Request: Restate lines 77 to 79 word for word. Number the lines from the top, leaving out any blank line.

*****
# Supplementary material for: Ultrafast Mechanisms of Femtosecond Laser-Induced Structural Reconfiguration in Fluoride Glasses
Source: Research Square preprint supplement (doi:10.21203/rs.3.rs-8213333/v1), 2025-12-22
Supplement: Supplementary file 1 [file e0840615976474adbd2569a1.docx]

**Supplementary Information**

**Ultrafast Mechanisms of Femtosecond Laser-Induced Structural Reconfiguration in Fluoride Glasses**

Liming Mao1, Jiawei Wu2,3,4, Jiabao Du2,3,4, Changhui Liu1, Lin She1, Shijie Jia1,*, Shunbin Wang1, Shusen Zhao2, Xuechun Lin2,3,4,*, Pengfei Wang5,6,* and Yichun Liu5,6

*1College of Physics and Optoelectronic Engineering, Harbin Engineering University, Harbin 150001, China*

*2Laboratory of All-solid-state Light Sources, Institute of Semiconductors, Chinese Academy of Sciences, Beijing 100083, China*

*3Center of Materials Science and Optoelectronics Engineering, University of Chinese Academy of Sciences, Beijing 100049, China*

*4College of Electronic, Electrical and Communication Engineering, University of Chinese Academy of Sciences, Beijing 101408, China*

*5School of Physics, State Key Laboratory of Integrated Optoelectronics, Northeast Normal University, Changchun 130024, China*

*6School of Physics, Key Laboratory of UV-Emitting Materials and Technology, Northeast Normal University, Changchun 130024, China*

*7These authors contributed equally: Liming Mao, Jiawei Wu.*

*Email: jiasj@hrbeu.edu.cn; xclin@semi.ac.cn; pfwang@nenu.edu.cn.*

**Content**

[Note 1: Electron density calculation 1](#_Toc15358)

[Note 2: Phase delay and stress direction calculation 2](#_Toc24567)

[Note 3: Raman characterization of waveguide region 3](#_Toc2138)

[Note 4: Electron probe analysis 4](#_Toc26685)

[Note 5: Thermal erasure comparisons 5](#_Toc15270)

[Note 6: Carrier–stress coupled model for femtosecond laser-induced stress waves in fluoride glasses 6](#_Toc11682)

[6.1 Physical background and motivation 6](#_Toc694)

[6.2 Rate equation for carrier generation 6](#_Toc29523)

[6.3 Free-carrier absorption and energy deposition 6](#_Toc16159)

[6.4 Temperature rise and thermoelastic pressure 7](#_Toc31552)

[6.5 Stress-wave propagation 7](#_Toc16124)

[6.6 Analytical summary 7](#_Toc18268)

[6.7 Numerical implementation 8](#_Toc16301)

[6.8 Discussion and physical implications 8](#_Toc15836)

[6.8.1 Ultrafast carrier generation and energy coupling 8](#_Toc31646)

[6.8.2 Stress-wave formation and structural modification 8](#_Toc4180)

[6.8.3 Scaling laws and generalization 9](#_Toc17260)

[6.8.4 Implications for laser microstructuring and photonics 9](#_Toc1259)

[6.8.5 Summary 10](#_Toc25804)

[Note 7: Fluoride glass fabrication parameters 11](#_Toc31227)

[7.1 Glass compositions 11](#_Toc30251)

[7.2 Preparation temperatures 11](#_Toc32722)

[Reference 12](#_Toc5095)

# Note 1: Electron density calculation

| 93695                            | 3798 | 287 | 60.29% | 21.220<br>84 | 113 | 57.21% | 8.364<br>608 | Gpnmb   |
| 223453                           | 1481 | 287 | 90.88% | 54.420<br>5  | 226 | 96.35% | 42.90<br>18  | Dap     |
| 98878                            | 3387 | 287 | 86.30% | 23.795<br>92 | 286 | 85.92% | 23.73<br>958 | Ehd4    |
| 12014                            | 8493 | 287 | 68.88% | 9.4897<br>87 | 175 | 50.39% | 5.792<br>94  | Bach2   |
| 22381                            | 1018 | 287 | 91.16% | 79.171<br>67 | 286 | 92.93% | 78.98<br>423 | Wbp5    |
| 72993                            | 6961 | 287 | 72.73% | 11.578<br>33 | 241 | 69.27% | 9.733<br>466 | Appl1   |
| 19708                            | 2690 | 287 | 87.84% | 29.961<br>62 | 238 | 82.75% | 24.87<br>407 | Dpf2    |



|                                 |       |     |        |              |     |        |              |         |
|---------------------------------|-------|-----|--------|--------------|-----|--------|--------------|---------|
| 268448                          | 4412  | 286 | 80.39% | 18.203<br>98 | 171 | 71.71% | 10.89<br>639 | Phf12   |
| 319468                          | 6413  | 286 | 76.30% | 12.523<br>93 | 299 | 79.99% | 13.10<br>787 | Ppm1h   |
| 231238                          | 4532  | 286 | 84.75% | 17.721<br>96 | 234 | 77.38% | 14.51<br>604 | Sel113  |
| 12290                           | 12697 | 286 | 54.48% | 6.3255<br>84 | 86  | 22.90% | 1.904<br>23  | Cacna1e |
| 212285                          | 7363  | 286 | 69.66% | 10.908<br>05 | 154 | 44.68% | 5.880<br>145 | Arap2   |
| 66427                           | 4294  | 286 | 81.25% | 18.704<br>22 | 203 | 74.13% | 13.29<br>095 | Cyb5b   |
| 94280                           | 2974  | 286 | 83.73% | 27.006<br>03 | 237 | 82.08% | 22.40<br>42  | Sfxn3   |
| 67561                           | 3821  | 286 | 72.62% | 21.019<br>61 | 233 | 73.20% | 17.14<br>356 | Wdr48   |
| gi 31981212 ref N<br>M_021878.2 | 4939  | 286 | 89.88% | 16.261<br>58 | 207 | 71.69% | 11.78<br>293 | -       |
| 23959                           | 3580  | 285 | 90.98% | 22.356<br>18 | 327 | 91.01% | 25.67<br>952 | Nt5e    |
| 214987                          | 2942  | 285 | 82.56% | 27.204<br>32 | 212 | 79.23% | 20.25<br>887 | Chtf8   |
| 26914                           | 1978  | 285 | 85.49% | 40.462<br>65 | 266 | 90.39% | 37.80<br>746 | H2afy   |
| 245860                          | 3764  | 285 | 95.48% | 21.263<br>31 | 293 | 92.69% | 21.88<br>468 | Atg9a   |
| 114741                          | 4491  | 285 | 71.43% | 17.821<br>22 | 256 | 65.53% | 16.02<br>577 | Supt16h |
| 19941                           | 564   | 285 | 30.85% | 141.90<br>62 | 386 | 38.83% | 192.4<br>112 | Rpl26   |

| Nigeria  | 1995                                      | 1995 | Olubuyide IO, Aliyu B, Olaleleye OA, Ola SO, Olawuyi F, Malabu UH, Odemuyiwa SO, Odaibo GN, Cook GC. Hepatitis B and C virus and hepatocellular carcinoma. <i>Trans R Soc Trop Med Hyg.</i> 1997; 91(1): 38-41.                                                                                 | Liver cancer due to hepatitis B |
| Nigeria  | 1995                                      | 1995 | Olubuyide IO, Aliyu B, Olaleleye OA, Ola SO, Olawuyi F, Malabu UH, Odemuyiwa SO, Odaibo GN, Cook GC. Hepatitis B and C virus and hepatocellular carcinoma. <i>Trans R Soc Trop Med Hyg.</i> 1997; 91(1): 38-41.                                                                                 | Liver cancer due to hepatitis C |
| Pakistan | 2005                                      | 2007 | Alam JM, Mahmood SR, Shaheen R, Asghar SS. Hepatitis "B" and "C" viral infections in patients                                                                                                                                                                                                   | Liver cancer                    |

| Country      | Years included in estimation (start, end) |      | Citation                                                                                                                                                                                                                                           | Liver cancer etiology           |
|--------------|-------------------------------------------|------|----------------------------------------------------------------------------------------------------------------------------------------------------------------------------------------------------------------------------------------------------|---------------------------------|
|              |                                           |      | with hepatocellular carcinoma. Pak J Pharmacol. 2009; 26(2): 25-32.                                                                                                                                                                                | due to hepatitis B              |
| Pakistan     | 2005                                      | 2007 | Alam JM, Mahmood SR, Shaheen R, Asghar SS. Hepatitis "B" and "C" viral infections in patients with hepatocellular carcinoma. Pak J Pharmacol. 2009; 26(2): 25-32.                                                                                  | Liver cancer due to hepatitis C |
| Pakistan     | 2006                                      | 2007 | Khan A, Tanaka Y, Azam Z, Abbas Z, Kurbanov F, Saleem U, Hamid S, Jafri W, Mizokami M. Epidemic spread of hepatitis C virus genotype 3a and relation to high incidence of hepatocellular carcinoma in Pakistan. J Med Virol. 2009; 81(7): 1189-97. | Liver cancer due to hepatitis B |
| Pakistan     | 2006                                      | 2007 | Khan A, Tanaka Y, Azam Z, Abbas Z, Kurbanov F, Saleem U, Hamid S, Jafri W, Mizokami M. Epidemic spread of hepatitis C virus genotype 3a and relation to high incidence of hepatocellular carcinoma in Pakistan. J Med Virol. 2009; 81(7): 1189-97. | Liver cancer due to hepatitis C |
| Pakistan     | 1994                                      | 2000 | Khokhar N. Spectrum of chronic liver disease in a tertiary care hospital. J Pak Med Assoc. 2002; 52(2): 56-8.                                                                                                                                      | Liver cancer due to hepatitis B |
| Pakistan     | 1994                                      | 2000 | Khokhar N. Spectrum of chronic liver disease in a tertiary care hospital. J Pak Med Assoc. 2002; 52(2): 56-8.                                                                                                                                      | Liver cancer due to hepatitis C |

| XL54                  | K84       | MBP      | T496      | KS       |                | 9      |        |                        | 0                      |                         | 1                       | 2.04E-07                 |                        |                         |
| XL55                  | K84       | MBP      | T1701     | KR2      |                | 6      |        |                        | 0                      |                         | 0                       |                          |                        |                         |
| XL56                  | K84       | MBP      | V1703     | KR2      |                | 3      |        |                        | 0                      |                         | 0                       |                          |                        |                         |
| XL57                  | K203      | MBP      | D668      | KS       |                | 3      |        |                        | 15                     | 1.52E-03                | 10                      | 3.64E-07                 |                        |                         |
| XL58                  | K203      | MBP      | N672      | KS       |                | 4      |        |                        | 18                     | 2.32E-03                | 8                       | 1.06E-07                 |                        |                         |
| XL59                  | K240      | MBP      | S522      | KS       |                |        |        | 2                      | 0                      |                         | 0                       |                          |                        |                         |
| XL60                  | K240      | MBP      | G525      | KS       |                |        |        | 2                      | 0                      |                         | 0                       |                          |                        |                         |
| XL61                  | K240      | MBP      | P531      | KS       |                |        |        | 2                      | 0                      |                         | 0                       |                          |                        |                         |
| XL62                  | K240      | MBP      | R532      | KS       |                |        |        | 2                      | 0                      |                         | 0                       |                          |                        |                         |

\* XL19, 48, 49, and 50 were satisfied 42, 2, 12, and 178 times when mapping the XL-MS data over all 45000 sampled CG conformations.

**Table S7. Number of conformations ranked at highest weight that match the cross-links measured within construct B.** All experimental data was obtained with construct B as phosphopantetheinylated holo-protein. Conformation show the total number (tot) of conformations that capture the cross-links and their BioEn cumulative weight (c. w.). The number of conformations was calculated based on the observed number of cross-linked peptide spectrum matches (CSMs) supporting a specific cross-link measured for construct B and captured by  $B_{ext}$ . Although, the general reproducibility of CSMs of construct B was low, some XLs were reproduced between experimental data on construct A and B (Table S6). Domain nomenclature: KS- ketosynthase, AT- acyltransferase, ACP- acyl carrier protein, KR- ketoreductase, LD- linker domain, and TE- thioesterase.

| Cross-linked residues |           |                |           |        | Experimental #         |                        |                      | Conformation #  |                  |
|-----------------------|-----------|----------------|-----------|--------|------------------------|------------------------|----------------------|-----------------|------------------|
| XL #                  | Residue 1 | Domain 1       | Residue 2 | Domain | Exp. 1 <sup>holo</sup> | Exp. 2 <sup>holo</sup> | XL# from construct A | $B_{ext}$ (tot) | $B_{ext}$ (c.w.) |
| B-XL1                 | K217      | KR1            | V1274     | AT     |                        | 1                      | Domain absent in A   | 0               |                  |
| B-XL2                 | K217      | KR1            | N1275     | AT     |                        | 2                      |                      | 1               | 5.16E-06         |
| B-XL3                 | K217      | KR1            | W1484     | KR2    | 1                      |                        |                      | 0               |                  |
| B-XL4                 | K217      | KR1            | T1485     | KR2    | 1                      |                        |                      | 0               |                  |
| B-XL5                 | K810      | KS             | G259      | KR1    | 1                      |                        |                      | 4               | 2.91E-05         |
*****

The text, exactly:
| XL56                  | K84       | MBP      | V1703     | KR2      |                | 3      |        |                        | 0                      |                         | 0                       |                          |                        |                         |
| XL57                  | K203      | MBP      | D668      | KS       |                | 3      |        |                        | 15                     | 1.52E-03                | 10                      | 3.64E-07                 |                        |                         |
| XL58                  | K203      | MBP      | N672      | KS       |                | 4      |        |                        | 18                     | 2.32E-03                | 8                       | 1.06E-07                 |                        |                         |